Another outing for time traveller Tom Afflick. You’d have thought he’d have the sense to stay away from Edinburgh after his close brush with the bubonic plague in 1645. But oh no, here he is again, visiting the National Museum of Scotland, where he has a funny turn near the tiny coffins found on Arthur’s Seat almost two hundred years ago.

Philip Caveney, Seventeen Coffins

Philip Caveney saw them, too, and he wanted to write about them, to explain how the coffins came to be there on the hill, and who made them, and what they were. And there is no better way than through time travel, when you can go round in circles. If this hadn’t happened, then neither would… etc, etc.

Sometimes it can be hard to unravel what ties up with what. And Tom travels back and forth between his own time and the time relevant to his current adventure, in this case 1828.

When stranded in the past like that, Tom needs somewhere to stay. What he also could do with is better judgement than to pick the company of a pair of well known and very dodgy characters.

He also needs friends, which he is more successful with. Daft Jamie is a very interesting young man, who I would have liked to see more of. And there’s another nice girl for Tom. One girl in every century?

Like in Crow Boy, the characters behave the way modern people do, and they certainly don’t talk like historical characters. While it removes some of the period feel, it probably helps young readers to identify with the – by now – dead people Tom meets. At least the food he eats is nicely and historically rotten. And he stinks, due to a lack of daily showers.

I’ve said this before, but it’s worth repeating; it is much more fun to learn, not to mention easier to remember, history like this. Put real incidents and people into a fictional story, and before you know it, you could be a history buff.

As for Virgin Pendolinos taking you from Manchester to Edinburgh… well, this is a work of fiction, after all. Philip is allowed to make things up.

‘We’re getting a bit rowdy, folks’

So, there I was, in the back seat of Fledgling’s Clare’s very comfortable Kia, on the way to Philip Caveney’s book launch, when the Plague Doctor jumped in and sat next to me. He had a stick. (In fairness I have to mention he didn’t use it.) It’s just that by then I’d sort of forgotten he was meant to be there.

I have to say I timed it well. A mere four days into the Scottish Bookwitchery and there was a book launch to go to. A bit weird that it was for another Stopfordian, crossing the border for some adulation. (I reckon Philip will have to join me here soon. Scotland is his kind of place.) When I heard he was having a launch for Seventeen Coffins, I really wanted to go, so a big thank you to Fledgling Press and the Holy Rood High School’s marvellous librarian, who let me.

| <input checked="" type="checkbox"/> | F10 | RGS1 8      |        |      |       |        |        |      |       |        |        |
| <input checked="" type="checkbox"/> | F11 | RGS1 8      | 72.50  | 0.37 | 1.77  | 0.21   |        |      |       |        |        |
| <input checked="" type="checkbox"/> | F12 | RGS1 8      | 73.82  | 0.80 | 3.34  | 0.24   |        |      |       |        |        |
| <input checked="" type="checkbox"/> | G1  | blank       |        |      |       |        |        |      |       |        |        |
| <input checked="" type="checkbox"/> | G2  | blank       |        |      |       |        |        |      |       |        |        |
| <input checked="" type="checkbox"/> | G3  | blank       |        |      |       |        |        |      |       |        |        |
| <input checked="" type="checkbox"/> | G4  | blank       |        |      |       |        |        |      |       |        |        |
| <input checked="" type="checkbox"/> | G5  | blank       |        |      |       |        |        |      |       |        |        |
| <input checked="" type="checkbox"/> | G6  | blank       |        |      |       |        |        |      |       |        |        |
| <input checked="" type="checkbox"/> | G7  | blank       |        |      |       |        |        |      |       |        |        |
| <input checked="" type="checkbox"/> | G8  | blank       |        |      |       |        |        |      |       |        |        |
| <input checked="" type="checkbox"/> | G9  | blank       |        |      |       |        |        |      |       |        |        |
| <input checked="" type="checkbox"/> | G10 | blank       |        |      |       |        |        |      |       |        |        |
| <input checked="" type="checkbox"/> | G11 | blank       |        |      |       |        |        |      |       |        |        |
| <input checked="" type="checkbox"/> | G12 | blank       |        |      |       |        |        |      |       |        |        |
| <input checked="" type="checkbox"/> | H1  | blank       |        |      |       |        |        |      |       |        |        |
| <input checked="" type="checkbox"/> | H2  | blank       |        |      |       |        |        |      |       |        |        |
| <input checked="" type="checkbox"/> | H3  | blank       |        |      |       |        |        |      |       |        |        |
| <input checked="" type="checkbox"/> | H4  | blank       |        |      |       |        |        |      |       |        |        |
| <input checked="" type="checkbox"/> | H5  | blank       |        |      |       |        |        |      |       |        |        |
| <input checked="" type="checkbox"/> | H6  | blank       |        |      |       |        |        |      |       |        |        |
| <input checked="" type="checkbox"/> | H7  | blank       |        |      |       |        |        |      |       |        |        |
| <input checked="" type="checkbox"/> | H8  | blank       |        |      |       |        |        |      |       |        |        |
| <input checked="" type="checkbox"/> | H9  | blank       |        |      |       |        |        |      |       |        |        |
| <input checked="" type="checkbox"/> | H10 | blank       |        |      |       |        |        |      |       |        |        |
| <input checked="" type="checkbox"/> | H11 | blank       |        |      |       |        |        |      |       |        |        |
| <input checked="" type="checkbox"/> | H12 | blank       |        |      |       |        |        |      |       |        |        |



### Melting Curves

And when Clare emailed to offer a lift, as she ‘was going to pick up a Plague Doctor on the way,’ I felt it was an opportunity not to be missed. It’s not the kind of phrase you come across very often. As for meeting Plague Doctors, I suppose I’d hoped we’d seen the last of him, what with how things went in Crow Boy, but that certainly turned out to be wrong.

So, there we were. And when we arrived at Holy Rood, at the foot of Arthur’s Seat (well, almost) where the action in Seventeen Coffins begins, we were taken into the school’s library, which must have the most breath-taking view of all school libraries, not to mention a very cool librarian (I want her skirt!), where we all fell over each other admiring their very own Tardis. I mean, how cool is that?

Clare and I had colour co-ordinated to match the school’s colours. We were both purple. The hall – with purple seats – filled up with 200 pupils, who heard their librarian tell them Philip’s book is so good, it made her forget the previous day’s dreadful football results.

The author, who has eaten rabbit pie in the name of research, told us about the background to his book, which was a visit to the National Museum of Scotland, where he saw the eight tiny coffins which survived being thrown around by some children in 1836, when they found them hidden on Arthur’s Seat. Philip decided he needed to come up with an explanation as to how the coffins ended up there in the first place. (Sorry, you’ll have to read the book.)

Philip Caveney and Plague Doctor

Time travel was the solution. And research is not boring. Philip has made use of real people from back then, so some of his characters are infamous murderers, whom you would have heard of if you paid attention to your Scottish history. And speaking of the devil, he happened to mention the Plague Doctor from Crow Boy, when that very man popped out from behind the curtain, brandishing his stick, and diagnosing a pupil as suffering from the bubonic plague. (He went off to warm up the ovens – for the red hot pokers…)